Daily Stuff 12-28-19 Kwanzaa

Hi, folks!

Lighted House Count – 1536. Featured photo by Ken Gagne. Herbs Workshop at 11am. Sewing workshop at 3pm. Minus Tide at 8:18 PM of -0.7 feet.

It’s partly cloudy and the spots of sky that are visible are milky with high cloud. 38, wind at 0mph, although Bayshore is reporting 7-10mph, AQI32, UV1. We should have a dry early part of the day, but showers are likely starting this afternoon and turning into rain overnight, tapering off in the later parts of Sunday. Monday should be dry and then we have some possible significant rain…. like 5 inches in a few days….

Everything caught up to me yesterday, despite the day off! Other than class-time I spent the day sleepy and trying to keep going. I did get some writing done, sorted pictures, made a new batch of cacik (a cucumber salad that I love), sorted the rest of the cookies and candy, put albums up online, talked plans with various friends and generally kept busy, but I also took two long naps and went to bed around 10pm. I did take a book and embroidery to bed with me, but crashed very, very early, for me.

The shop wasn’t all that busy, but we did have some people in and a few small sales. Tempus was having trouble staying awake, too, but he can nap sitting upright on the sofa, which I can’t, really.

All of which is to say that it wasn’t much of a day, but it went.

Today we’re at the shop early, to get ready for workshops and hopefully some baking.

I saw this picture and went, “Oh, *yes*!” It’s a much better version of one of the common things that we talk about, perspective, better than the tired old cliche of moss on a tree.


A pic from 12/28/15 of our glorious Ocean! Ken Gagne, of course.🙂


Today’s plant is Blue ElderberrySambucus cerulea. It’s a rather wild shrub that can be trained into a small tree, with icky-smelling white flowers that then produce dark fruits that appear blue because of a whitish coating on them. In Oregon it grows mostly from the valley out to the coast with some isolated pockets in the Eastern part of the state. There’s a lot of folklore surrounding the tree. “In some areas, the “elder tree” was supposed to ward off evil influence and give protection from witches, while other beliefs say that witches often congregate under the plant, especially when it is full of fruit. In some regions, superstition, religious belief, or tradition prohibits the cutting of certain trees for bonfires, most notably in witchcraft customs the elderberry tree; “Elder be ye Lady’s tree, burn it not or cursed ye’ll be” – A rhyme from the Wiccan rede-poem. If an elder tree was cut down, a spirit known as the Elder Mother would be released and take her revenge. The tree could only safely be cut while chanting a rhyme to the Elder Mother.”From Wikipedia– Feminine, Venus, Water – The flowers are used for Crossing the Bridge rituals. Carry for protection and to prevent rheumatism and toothache. Dried berries are helpful in sleep pillows. All parts are good for protection. Grow near the home for prosperity. Magic wands and flutes are often made from this wood.http://en.wikipedia.org/wiki/Sambucus_ceruleaorhttp://en.wikipedia.org/wiki/Sambucus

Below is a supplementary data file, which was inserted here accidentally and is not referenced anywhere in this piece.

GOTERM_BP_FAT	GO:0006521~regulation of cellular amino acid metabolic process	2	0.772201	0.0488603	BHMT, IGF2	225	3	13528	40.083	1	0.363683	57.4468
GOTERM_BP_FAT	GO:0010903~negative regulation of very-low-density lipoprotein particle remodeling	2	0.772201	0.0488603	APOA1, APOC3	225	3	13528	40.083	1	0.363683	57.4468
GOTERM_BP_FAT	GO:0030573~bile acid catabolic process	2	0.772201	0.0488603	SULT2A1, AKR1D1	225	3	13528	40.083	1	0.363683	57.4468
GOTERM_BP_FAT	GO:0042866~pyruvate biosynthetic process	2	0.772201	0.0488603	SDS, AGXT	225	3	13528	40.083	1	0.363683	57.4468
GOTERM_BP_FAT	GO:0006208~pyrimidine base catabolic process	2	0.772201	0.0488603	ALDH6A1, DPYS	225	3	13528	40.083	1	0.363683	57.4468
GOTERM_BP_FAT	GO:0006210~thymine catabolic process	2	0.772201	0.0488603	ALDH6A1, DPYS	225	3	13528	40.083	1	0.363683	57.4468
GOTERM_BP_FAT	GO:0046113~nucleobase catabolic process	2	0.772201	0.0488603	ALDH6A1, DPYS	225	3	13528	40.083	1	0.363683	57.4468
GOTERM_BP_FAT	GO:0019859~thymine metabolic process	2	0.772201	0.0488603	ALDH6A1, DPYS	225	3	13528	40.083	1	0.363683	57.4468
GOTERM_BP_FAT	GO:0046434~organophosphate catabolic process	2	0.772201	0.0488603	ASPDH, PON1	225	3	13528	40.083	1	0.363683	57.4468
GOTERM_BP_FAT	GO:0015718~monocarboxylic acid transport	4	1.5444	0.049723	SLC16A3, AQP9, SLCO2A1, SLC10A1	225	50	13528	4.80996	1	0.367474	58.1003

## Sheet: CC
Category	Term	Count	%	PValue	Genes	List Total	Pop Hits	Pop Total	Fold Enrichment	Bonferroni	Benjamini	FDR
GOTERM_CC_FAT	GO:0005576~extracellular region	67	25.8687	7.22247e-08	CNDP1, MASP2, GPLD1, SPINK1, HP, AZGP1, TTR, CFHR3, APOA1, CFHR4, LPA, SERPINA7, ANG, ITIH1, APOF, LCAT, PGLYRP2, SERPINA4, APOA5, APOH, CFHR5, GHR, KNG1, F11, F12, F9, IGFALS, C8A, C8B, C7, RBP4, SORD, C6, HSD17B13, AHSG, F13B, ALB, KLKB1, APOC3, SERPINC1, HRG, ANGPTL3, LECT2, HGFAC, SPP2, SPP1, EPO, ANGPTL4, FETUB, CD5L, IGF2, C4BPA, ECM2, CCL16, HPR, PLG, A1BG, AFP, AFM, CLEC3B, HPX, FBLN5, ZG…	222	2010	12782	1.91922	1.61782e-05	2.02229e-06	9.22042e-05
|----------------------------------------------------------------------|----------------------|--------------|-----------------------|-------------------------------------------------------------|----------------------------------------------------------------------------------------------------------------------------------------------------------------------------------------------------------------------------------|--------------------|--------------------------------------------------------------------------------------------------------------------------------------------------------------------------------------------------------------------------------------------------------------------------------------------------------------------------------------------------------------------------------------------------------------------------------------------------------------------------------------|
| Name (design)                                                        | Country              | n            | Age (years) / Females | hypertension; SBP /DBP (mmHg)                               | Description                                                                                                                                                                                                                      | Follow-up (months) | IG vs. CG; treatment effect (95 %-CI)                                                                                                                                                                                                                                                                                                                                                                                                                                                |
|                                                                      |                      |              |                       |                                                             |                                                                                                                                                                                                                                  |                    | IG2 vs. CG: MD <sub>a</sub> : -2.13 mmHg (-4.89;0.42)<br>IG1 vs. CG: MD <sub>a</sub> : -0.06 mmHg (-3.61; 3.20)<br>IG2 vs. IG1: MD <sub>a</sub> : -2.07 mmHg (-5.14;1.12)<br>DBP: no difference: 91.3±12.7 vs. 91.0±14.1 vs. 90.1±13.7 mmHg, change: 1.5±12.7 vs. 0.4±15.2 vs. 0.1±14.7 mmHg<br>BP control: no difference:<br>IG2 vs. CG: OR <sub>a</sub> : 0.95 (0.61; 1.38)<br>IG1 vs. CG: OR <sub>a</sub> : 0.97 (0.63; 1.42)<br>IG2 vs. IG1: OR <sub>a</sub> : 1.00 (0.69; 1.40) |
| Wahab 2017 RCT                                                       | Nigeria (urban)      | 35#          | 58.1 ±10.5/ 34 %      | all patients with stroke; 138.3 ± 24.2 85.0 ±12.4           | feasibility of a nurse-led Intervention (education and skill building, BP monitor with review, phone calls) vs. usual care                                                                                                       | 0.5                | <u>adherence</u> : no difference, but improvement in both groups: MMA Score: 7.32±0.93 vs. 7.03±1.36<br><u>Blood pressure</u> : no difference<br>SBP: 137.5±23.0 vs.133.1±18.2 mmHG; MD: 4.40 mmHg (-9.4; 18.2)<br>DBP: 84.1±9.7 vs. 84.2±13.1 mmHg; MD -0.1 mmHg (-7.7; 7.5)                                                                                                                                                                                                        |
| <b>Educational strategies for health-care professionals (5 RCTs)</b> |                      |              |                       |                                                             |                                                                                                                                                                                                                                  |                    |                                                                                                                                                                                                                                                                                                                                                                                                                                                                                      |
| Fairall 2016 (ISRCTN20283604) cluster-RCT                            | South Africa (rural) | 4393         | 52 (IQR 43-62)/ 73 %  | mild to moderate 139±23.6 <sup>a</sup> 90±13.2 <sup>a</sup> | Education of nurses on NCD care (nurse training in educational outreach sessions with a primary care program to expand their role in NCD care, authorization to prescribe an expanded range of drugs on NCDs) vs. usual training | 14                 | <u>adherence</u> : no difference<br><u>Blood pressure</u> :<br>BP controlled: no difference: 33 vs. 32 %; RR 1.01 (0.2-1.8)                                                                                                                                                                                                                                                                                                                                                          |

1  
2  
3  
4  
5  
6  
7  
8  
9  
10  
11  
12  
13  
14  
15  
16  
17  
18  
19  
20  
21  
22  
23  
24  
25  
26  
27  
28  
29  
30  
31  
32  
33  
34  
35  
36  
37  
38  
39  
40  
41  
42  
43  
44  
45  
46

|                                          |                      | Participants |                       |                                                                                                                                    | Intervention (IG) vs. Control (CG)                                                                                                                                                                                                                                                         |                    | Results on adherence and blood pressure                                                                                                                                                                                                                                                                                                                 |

Kwanzaa, African-American holiday (Dec 26 – Jan 1); Ujima (Collective Work and Responsibility) This is the 3rd day of this modern festival for those of African heritage. There’s a really good article explaining the traditions and where they come from here:  http://en.wikipedia.org/wiki/Kwanzaa

The shop opens at 11am today. Holiday hours – closed 1/2 and 1/7-15. Winter hours are 11am-5pm Thursday through Monday. Need something off hours? Give us a call at 541-563-7154 or Facebook or email at ancientlight@peak.org If we’re supposed to be closed, but it looks like we’re there, try the door. If it’s open, the shop’s open! In case of bad weather, check here at the blog for updates, on our Facebook as Ancient Light, or call the shop.

Love & Light,


Today’s Astro & Calendar

Waxing Moon Magick – The waxing moon is for constructive magick, such as love, wealth, success, courage, friendship, luck or healthy, protection, divination. Any working that needs extra power, such as help finding a new job or healings for serious conditions, can be done now. Also, love, knowledge, legal undertakings, money and dreams. Phase ends at the Tide Change on 1/10 at 11:12am. Diana’s Bow – On the 3rd day after the new moon you can (weather permitting) see the tiny crescent in the sky, the New Moon holding the Old Moon in her arms. Begin on your goals for the next month. A good time for job interviews or starting a project. Take a concrete step! God/dess aspect: Daughter/Son/Innocence – Associated God/dess: Vesta, Horus. Phase ends on 12/30 at 9:13am. 

The Moon’s dramatic meeting with Venus – A slender crescent Moon bathed in earthshine rises up to greet the sky’s brightest planet the evening of December 28. – Astronomy: Roen Kelly